The gigantic Antonovs were a familiar sight during the south’s long, bitter struggle for independence from the greater Sudan. Sudan doesn’t have much in the way of sophisticated jet fighters, so for its bombing runs it uses lumbering old Russian Antonov cargo plans. These swept low over the targeted rebel base/refugee camp/village, rear doors open, and bombs were simply rolled off the back of the plane. Aim is by eye, and accuracy is not good.
Four months after independence, an Antonov made another appearance in the skies above the South Sudan. “…there was a deep and terrifying thud of a nearby explosion,” wrote BBC journalist James Copnall, who was in the Yida refugee camp in South Sudan’s oil-rich Unity State, where the bombs were aimed. “A large plane glinting silver against the sun was spotted heading to the north…The refugees said the plane had circled, then launched two bombing raids. They said five bombs were dropped, of which four exploded.”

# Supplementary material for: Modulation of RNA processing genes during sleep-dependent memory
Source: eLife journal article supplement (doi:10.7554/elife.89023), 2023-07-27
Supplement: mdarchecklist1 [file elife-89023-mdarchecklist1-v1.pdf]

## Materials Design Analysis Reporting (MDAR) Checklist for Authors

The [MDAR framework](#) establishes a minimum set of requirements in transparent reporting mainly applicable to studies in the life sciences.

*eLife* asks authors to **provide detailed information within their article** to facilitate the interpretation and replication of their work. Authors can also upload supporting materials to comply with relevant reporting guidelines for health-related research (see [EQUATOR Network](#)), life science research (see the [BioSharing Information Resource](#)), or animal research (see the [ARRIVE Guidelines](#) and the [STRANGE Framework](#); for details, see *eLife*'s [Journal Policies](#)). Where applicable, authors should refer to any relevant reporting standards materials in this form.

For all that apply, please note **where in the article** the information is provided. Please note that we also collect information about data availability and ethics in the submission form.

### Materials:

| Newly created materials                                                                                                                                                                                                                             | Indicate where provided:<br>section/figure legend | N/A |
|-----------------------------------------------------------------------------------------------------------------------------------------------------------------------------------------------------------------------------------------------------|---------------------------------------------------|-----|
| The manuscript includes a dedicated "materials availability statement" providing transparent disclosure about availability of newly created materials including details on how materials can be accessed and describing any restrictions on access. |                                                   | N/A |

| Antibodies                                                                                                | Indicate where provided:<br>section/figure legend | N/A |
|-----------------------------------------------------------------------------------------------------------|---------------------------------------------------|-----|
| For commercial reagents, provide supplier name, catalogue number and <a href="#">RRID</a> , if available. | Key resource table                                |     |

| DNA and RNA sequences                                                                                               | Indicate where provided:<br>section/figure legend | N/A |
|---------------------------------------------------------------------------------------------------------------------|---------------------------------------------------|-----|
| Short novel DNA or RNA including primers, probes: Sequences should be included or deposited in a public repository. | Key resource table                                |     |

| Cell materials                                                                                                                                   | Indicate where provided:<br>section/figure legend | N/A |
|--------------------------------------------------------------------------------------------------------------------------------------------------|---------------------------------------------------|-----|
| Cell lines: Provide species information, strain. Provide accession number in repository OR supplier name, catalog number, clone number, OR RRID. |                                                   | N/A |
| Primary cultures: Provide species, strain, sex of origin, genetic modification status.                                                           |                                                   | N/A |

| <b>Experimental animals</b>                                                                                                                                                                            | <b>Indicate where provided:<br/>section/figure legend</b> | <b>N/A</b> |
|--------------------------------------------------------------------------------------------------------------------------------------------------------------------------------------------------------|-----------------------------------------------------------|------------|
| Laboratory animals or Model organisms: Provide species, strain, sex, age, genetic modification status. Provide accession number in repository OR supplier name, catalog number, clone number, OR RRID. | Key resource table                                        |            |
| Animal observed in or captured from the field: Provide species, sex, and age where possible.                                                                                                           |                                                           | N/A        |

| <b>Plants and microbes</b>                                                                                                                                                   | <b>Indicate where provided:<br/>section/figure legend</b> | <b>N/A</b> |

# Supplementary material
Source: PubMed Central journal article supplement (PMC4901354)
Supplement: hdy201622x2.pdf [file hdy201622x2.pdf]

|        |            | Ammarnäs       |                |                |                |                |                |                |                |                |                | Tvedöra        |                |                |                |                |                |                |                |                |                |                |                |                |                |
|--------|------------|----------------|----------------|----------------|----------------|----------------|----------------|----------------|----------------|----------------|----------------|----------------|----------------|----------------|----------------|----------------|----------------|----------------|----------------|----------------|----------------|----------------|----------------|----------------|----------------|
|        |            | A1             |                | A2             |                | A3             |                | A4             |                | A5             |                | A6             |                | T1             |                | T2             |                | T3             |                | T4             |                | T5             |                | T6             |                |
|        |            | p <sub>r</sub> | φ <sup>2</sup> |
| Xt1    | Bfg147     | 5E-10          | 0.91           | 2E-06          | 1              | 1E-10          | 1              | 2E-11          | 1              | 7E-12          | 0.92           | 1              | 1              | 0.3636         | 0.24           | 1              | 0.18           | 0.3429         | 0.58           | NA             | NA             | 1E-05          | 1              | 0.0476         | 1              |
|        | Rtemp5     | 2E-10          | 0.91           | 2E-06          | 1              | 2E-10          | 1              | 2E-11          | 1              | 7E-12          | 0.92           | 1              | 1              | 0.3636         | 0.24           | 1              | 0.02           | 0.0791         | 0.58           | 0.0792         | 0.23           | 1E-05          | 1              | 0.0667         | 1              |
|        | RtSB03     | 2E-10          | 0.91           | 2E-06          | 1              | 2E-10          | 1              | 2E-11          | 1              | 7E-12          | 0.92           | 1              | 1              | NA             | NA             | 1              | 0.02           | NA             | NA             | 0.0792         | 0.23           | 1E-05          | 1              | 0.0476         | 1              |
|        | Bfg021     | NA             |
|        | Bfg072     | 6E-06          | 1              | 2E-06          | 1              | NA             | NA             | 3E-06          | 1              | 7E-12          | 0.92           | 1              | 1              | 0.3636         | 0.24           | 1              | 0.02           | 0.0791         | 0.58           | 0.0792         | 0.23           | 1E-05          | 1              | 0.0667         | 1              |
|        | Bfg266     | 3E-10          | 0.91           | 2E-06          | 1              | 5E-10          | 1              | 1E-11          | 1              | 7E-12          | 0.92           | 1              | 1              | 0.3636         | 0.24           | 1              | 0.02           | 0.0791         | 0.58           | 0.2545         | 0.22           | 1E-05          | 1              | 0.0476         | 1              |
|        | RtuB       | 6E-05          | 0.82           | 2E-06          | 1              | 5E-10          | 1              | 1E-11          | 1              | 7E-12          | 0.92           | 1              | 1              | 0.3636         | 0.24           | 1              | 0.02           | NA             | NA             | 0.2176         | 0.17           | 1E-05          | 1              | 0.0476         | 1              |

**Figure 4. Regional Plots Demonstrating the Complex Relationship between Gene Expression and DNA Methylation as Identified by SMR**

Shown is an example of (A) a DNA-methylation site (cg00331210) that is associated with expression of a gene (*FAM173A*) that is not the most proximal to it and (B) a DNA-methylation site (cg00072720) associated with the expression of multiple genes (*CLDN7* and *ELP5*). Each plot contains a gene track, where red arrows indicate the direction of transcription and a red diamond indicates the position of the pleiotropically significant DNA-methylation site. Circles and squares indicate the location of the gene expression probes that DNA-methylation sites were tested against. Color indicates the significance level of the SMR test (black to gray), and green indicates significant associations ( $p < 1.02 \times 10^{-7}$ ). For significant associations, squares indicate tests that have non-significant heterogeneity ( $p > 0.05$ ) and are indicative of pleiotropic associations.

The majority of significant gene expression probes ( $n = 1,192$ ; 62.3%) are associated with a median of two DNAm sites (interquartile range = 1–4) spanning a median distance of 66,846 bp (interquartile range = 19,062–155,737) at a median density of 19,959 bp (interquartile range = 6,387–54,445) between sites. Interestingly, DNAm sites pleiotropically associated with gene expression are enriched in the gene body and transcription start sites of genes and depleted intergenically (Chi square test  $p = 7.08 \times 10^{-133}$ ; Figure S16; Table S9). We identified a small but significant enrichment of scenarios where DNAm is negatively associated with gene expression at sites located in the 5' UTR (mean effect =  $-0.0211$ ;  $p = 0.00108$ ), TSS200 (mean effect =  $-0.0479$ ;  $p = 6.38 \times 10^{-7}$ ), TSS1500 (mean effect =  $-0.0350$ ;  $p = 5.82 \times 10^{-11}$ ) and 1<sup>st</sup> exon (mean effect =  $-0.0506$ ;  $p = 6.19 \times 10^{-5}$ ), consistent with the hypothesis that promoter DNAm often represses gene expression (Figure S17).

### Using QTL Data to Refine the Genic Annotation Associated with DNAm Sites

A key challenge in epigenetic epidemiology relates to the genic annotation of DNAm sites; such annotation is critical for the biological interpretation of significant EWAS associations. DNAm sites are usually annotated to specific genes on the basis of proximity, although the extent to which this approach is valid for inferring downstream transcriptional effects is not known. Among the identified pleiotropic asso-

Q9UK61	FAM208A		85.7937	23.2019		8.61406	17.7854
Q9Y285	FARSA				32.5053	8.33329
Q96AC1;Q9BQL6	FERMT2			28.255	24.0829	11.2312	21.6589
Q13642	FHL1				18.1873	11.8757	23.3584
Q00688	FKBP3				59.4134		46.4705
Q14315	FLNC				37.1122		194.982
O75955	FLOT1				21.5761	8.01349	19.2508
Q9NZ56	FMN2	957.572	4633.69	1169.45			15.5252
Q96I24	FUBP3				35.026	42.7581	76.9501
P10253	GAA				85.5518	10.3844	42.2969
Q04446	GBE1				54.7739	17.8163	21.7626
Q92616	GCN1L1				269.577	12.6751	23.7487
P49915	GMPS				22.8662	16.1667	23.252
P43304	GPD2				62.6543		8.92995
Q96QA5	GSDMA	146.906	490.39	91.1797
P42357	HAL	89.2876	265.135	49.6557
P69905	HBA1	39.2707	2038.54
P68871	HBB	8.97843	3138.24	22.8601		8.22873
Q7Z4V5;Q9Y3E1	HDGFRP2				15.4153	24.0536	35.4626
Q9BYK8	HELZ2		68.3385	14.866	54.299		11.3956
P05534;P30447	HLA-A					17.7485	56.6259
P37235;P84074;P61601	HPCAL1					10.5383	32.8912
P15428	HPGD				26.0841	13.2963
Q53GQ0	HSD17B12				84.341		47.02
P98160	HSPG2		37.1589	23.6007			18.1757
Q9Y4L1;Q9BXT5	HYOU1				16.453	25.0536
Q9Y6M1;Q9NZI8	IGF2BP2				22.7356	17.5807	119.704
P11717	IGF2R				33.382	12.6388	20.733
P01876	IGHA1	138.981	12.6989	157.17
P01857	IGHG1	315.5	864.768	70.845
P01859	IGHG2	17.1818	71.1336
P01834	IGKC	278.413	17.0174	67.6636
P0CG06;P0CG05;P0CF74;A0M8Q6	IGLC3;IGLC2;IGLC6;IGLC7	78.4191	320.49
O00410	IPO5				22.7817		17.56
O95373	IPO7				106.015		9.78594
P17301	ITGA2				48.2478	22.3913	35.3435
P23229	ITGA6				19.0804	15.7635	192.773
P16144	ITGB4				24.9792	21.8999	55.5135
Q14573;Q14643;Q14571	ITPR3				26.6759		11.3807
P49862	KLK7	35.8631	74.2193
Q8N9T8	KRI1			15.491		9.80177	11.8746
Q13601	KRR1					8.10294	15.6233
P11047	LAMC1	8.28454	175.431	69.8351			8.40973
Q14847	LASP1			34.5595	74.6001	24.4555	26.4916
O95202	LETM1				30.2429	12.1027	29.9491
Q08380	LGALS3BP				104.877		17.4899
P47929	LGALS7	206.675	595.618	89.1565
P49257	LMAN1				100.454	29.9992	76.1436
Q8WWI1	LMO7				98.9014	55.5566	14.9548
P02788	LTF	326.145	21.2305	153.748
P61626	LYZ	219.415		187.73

South Sudanese government officials claim 12 people died in the attack. Humanitarian organisations say no one was injured. The Sudanese government says the bombing didn’t happen at all, although there is enough independent verification to make its denial extremely hard to believe; especially after last week’s explicit threats of war from various high-level Sudanese government officials.
Yida refugee camp hosts thousands of people who have fled to South Sudan from Sudan, after the conflict intensified between rebels and the government in the disputed states of Abyei, Blue Nile and South Kordofan. This latest cross-border bombing raid is a message to the rebels that Khartoum’s reach stretches into the new country of South Sudan – and there’s not much the south can do about it. DM
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